SCC Case Information
Saskatchewan Human Rights Commission v. William Whatcott
(Saskatchewan) (Civil) (By Leave)
Canadian charter - civil.
Case summaries are prepared by the Office of the Registrar of the Supreme Court of Canada (Law Branch) for information purposes only.
Human rights - Freedom of conscience and religion - Freedom of expression - Freedom from discrimination - Hate propaganda - Respondent distributing flyers containing crude, harsh and demeaning comments about potential sexual practices of same sex partners - Whether the appellate court was correct in holding that the flyers did not violate s. 14(1)(b) of The Saskatchewan Human Rights Code, S.S. 1979, c. S-24.1 (the “Code”) - What is the correct process, and which contextual factors should human rights administrative decision-makers and courts consider, when applying hate propaganda provisions of human rights legislation so that free expression is not unduly limited, the right to be free from discrimination is protected and the State’s obligations to protect citizens from incitement to hate is met - Does “sexual orientation” include sexual practices and, if so, to what extent - Is it possible to “love the sinner, hate the sin” so that hateful messages directed at conduct do not violate hate propaganda provisions of human rights legislation.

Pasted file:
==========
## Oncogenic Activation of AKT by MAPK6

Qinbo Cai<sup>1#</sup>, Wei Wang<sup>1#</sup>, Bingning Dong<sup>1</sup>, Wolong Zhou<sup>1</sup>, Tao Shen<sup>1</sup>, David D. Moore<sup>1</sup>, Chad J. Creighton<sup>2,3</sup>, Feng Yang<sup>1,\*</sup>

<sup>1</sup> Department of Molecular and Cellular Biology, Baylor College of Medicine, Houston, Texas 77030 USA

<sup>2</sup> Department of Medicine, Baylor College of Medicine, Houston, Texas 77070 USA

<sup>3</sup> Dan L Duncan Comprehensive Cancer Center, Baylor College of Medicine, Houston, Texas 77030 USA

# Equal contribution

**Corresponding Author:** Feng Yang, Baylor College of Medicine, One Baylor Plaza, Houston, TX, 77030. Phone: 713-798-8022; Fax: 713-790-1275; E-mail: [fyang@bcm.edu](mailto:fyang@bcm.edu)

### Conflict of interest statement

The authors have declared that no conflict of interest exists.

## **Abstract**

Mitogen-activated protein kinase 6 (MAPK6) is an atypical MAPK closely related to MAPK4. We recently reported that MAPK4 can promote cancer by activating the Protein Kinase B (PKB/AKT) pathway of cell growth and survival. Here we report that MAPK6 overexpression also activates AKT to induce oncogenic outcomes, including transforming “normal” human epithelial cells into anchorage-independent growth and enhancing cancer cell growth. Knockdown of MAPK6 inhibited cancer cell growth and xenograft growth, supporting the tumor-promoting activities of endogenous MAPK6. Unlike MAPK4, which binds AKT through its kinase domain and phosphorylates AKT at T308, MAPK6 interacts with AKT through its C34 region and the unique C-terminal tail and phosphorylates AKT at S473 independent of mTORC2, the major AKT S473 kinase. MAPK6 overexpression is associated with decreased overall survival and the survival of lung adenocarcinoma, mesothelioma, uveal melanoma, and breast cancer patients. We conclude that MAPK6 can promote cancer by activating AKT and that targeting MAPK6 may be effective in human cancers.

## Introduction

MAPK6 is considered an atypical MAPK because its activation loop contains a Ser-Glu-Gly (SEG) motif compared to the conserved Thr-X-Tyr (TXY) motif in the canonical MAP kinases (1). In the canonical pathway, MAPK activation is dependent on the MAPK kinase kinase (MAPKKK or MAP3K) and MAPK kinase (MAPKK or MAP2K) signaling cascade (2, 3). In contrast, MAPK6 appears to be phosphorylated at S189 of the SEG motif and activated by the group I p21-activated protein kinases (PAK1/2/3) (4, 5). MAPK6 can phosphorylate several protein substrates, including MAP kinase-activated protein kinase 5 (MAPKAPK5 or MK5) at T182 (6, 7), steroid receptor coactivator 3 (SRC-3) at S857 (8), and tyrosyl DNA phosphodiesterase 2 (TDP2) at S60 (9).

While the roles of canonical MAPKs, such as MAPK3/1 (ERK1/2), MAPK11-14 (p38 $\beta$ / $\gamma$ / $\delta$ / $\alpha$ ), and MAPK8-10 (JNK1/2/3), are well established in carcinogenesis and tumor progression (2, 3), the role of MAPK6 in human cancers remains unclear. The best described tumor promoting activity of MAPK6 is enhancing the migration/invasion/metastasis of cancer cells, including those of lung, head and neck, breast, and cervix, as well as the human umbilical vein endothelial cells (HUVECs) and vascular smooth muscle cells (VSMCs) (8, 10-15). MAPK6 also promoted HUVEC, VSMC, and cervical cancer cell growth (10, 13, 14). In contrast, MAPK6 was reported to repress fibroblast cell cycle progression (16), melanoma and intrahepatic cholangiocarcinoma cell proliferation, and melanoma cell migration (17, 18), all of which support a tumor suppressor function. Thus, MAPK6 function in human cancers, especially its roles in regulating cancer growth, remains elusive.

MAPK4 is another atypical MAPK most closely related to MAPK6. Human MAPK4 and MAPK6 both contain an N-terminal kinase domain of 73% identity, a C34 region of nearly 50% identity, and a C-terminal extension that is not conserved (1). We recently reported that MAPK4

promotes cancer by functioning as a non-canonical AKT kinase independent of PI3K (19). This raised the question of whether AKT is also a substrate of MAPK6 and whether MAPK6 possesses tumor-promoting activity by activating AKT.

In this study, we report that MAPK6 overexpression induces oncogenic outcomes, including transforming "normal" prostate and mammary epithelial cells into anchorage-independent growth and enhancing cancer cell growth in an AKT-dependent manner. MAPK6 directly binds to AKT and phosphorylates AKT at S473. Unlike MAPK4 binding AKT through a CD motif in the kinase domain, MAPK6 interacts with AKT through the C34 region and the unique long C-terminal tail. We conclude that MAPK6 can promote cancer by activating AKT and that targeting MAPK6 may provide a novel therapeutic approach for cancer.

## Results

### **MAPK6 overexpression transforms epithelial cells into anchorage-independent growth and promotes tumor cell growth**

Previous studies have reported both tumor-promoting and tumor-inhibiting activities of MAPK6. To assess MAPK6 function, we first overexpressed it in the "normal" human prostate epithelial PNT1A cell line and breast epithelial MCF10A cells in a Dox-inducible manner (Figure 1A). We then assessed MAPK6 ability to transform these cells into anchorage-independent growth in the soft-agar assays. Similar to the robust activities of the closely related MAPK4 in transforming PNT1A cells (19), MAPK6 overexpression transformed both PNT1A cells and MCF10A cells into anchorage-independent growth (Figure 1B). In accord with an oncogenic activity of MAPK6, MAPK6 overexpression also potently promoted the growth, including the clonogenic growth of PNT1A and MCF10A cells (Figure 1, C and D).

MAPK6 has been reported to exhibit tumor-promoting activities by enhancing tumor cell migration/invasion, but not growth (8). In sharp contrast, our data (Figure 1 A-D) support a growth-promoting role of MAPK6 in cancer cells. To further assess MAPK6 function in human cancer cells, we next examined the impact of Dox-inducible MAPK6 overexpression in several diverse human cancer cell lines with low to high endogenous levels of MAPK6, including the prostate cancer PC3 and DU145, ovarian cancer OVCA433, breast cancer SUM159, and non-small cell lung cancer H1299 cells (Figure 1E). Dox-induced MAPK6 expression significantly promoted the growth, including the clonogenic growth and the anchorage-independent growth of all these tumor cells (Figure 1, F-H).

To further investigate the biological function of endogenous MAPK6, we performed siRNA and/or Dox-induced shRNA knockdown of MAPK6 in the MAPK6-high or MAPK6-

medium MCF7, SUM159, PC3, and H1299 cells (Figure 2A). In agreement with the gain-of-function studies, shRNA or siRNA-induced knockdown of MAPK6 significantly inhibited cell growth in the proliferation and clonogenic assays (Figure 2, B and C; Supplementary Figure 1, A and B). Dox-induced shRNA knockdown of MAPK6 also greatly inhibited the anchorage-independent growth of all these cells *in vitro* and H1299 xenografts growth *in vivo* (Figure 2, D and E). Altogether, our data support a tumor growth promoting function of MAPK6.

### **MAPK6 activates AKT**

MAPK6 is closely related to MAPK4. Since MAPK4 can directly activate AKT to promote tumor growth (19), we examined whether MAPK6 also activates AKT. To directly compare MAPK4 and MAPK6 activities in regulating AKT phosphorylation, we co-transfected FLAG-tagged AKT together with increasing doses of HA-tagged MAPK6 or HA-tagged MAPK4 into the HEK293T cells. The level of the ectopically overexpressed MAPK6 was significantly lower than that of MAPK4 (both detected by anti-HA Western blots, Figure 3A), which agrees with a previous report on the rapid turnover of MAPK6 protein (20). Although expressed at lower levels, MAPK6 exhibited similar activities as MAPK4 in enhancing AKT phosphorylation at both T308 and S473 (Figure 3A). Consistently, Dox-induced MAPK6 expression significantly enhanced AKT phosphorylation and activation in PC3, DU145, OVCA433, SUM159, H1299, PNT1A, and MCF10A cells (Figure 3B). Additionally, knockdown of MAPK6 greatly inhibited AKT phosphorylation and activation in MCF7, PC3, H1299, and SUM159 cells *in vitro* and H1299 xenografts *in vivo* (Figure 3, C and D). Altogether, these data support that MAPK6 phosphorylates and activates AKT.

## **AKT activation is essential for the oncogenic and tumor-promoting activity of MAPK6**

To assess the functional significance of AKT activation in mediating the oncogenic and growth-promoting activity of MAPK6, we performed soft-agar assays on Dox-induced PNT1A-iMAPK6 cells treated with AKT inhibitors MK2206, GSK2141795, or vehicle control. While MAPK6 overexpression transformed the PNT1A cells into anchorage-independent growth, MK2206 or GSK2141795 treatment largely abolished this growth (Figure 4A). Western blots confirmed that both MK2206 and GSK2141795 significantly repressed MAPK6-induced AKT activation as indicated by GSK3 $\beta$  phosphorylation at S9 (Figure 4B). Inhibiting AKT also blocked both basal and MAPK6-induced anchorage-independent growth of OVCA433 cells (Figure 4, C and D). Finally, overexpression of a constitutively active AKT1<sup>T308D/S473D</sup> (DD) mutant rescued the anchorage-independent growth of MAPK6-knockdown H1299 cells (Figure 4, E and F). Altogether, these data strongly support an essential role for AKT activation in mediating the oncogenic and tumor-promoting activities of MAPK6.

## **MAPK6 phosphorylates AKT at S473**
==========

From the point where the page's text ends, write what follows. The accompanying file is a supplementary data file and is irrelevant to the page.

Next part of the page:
The Respondent, on behalf of the Christian Truth Activists, distributed four flyers in the mailboxes of various homes in Saskatoon and Regina in 2001 and 2002. Four persons who received the flyers filed complaints alleging that the material in them “promotes hatred against individuals because of their sexual orientation” in violation of s. 14(1)(b) of the Code. The Applicant appointed a Tribunal to hear the complaints. The Tribunal concluded that the flyers contravened the Code. The Respondent appealed, arguing that he was exercising his right to freedom of expression and freedom of religion and that the flyers do not violate the Code. Alternatively, he argued that if the materials exhibit hate, it is directed towards sexual behaviour, which is not a prohibited ground. If sexual behaviour is a prohibited ground within the meaning of sexual orientation, he argued that it is overbroad and should be inoperative to the extent that it conflicts with s. 4 and 5 of the Code and s. 2 of the Canadian Charter of Rights and Freedoms.